Google to give all users clearer information about data use

Google has vowed to revise its privacy policy and account settings, in order to make it clearer to people what it does with their data and give them more control. This comes as part of a settlement with the U.K. Information Commissioner’s Office, announced on Friday, but the changes will apply globally.

The ICO and other data protection regulators across the EU have been coordinating a crackdown on Google’s practices since 2012, when the company introduced a new unified privacy policy. The unified policy allowed [company]Google[/company] to mix and match personal data across its various services – between YouTube and Search, for example. However, many people did not, and still do not, appreciate what this means in terms of user profiling.

Google has faced repeated fines over its refusal to change the policy in countries such as France, Italy and Germany, but the sums involved were chickenfeed for a company of Google’s girth. The U.K.’s ICO hasn’t fined Google in this way, but has repeatedly said that Google’s settlement proposals didn’t go far enough.

Now this long-running drama may be drawing to a close. On Friday the ICO triumphantly brandished an undertaking in which Google said it would do the following things during the next two years:

  • Make its privacy policy easier to find, and be clearer in that policy about what user information it processes and why.
  • Provide users with “information to exercise their rights” and launch a redesigned account settings version to give them more control.
  • Add two provisions from the Google terms of service to the privacy policy, regarding email data and the “shared endorsement” feature.
  • Add to the privacy policy information about “the entities that may collect anonymous identifiers on Google properties and the purposes to which they put that data.”
  • “Take several measures” to tell passive users – those using third-party services that are plugged into Google services, such as advertising – more about what’s happening with their data. Those running the third-party services will also need to “obtain the necessary consents” for this data collection.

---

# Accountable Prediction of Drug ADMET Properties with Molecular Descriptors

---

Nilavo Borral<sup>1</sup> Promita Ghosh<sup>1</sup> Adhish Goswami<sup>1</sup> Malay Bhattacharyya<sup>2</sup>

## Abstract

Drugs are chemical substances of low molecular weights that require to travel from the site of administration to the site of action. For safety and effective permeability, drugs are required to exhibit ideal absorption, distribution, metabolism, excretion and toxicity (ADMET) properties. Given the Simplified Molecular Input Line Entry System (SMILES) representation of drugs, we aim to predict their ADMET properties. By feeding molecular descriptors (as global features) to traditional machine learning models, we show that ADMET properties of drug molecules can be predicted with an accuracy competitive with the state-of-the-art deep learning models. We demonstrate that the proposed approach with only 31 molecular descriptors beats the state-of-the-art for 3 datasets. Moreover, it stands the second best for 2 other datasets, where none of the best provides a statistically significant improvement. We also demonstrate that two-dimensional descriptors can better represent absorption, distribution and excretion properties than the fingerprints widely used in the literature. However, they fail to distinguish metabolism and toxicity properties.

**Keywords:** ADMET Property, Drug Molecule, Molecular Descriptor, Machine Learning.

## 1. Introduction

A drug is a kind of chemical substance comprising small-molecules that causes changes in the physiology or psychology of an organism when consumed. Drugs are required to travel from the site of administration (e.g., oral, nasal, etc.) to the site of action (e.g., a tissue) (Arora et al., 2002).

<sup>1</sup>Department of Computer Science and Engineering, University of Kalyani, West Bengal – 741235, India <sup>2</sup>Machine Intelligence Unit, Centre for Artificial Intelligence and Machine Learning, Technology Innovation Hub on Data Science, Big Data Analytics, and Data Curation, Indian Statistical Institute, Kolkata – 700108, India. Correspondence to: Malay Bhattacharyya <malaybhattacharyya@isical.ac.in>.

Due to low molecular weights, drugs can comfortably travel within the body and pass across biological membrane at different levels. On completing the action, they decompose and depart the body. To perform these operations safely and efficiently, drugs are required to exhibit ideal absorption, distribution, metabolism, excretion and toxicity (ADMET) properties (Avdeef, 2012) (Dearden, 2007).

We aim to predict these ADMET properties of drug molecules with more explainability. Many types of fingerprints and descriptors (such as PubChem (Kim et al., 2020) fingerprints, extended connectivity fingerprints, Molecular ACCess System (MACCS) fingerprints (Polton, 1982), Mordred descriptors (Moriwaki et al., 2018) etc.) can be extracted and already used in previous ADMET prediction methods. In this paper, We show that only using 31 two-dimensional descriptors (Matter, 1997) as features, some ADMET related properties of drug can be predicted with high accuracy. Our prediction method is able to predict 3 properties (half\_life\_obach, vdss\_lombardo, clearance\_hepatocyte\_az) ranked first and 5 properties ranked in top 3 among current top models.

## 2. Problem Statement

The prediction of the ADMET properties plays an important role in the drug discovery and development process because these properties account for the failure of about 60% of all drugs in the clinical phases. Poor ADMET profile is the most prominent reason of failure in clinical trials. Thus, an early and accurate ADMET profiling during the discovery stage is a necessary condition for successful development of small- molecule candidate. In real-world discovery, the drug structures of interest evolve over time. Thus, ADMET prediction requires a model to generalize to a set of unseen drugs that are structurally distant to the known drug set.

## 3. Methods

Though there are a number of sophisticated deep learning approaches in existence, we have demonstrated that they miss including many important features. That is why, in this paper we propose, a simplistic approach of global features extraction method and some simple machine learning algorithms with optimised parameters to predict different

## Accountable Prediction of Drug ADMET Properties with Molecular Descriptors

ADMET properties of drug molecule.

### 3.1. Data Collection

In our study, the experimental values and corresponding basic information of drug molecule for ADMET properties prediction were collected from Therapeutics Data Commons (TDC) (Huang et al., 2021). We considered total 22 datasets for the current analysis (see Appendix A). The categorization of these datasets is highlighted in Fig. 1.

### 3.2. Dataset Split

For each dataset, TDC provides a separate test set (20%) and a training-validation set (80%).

• “Enhance its guidance for employees regarding notice and consent requirements.”

Google also said it would continuously evaluate the privacy impact of future changes to its services and keep users informed, especially where the changes “might not be within the reasonable expectations of service users.” Particularly significant changes to the privacy policy will be “reviewed by user experience specialists and with representative user groups before the policy and associated tools are launched as appropriate.”

The changes will make sure Google is compliant with the U.K. Data Protection Act, which is based on European law. It is not yet clear whether this is the end of the matter as far as the other EU data protection authorities are concerned — I understand that the changes will apply in all countries around the world, though.

Here’s what ICO enforcement head Steve Eckersley said in a statement:

Google’s commitment today to make these necessary changes will improve the information UK consumers receive when using their online services and products.

Whilst our investigation concluded that this case hasn’t resulted in substantial damage and distress to consumers, it is still important for organisations to properly understand the impact of their actions and the requirement to comply with data protection law… This investigation has identified some important learning points not only for Google, but also for all organisations operating online, particularly when they seek to combine and use data across services.

Although the list of commitments is fairly comprehensive, some terms are vague and the proof may lie in the implementation. For example, the EU privacy watchdogs previously demanded that users get the opportunity to “choose when their data are combined, for instance with dedicated buttons in the services.” That’s not merely a matter of giving users “information to exercise their rights”, so it will be interesting to see what the redesigned account settings entail.

So far, Google has merely said:

We’re pleased that the ICO has decided to close its investigation. We have agreed improvements to our privacy policy and will continue to work constructively with the Commissioner and his team in the future.

Even if this does indicate a conclusion to the unified privacy policy saga, then Google still faces major regulatory headaches in Europe. These include the big search antitrust case – tied in with digital agenda commissioner Günther Oettinger’s apparent desire to extend a version of the “Google tax” copyright levy across Europe – and a potential second antitrust case over Android.

Still, one at a time, eh?

This article was updated at 8.15am PT to note that the changes will apply globally.

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